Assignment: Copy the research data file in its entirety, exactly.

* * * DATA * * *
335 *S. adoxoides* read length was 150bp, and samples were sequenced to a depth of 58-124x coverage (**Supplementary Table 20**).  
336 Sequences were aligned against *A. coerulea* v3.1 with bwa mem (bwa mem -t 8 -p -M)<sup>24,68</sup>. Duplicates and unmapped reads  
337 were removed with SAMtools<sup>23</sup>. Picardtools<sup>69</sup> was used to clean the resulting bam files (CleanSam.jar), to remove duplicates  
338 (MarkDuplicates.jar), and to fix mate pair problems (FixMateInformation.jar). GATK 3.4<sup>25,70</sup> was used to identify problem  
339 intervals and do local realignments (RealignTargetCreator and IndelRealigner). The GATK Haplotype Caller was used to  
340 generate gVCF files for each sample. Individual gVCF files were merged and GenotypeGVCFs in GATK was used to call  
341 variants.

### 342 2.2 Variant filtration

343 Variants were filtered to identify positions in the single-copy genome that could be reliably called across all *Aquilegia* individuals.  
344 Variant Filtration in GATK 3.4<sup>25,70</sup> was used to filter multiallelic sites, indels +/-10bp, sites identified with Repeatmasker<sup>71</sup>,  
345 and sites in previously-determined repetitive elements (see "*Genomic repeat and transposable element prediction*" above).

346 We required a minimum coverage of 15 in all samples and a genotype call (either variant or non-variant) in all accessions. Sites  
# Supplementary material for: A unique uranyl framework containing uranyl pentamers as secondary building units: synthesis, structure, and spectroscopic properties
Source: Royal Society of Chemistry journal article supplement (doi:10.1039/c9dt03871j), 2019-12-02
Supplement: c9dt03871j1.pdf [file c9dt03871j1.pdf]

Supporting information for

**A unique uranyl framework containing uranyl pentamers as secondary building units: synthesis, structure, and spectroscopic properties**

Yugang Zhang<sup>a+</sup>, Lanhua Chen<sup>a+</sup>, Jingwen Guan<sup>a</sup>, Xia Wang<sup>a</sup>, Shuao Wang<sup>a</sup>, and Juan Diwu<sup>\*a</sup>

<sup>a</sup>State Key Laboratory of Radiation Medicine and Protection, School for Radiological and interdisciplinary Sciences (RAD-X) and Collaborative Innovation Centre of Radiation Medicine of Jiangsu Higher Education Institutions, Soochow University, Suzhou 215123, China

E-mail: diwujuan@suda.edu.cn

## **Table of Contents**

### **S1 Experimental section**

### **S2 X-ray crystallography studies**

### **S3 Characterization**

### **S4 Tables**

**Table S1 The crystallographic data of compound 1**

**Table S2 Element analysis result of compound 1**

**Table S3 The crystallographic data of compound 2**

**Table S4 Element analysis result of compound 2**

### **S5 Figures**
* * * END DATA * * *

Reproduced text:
335 *S. adoxoides* read length was 150bp, and samples were sequenced to a depth of 58-124x coverage (**Supplementary Table 20**).  
336 Sequences were aligned against *A. coerulea* v3.1 with bwa mem (bwa mem -t 8 -p -M)<sup>24,68</sup>. Duplicates and unmapped reads  
337 were removed with SAMtools<sup>23</sup>. Picardtools<sup>69</sup> was used to clean the resulting bam files (CleanSam.jar), to remove duplicates  
338 (MarkDuplicates.jar), and to fix mate pair problems (FixMateInformation.jar). GATK 3.4<sup>25,70</sup> was used to identify problem  
339 intervals and do local realignments (RealignTargetCreator and IndelRealigner). The GATK Haplotype Caller was used to  
340 generate gVCF files for each sample. Individual gVCF files were merged and GenotypeGVCFs in GATK was used to call  
341 variants.

### 342 2.2 Variant filtration

343 Variants were filtered to identify positions in the single-copy genome that could be reliably called across all *Aquilegia* individuals.  
344 Variant Filtration in GATK 3.4<sup>25,70</sup> was used to filter multiallelic sites, indels +/-10bp, sites identified with Repeatmasker<sup>71</sup>,  
345 and sites in previously-determined repetitive elements (see "*Genomic repeat and transposable element prediction*" above).

346 We required a minimum coverage of 15 in all samples and a genotype call (either variant or non-variant) in all accessions. Sites  
# Supplementary material for: A unique uranyl framework containing uranyl pentamers as secondary building units: synthesis, structure, and spectroscopic properties
Source: Royal Society of Chemistry journal article supplement (doi:10.1039/c9dt03871j), 2019-12-02
Supplement: c9dt03871j1.pdf [file c9dt03871j1.pdf]

Supporting information for

**A unique uranyl framework containing uranyl pentamers as secondary building units: synthesis, structure, and spectroscopic properties**

Yugang Zhang<sup>a+</sup>, Lanhua Chen<sup>a+</sup>, Jingwen Guan<sup>a</sup>, Xia Wang<sup>a</sup>, Shuao Wang<sup>a</sup>, and Juan Diwu<sup>\*a</sup>

<sup>a</sup>State Key Laboratory of Radiation Medicine and Protection, School for Radiological and interdisciplinary Sciences (RAD-X) and Collaborative Innovation Centre of Radiation Medicine of Jiangsu Higher Education Institutions, Soochow University, Suzhou 215123, China

E-mail: diwujuan@suda.edu.cn

## **Table of Contents**

### **S1 Experimental section**

### **S2 X-ray crystallography studies**

### **S3 Characterization**

### **S4 Tables**

**Table S1 The crystallographic data of compound 1**

**Table S2 Element analysis result of compound 1**

**Table S3 The crystallographic data of compound 2**

**Table S4 Element analysis result of compound 2**

### **S5 Figures**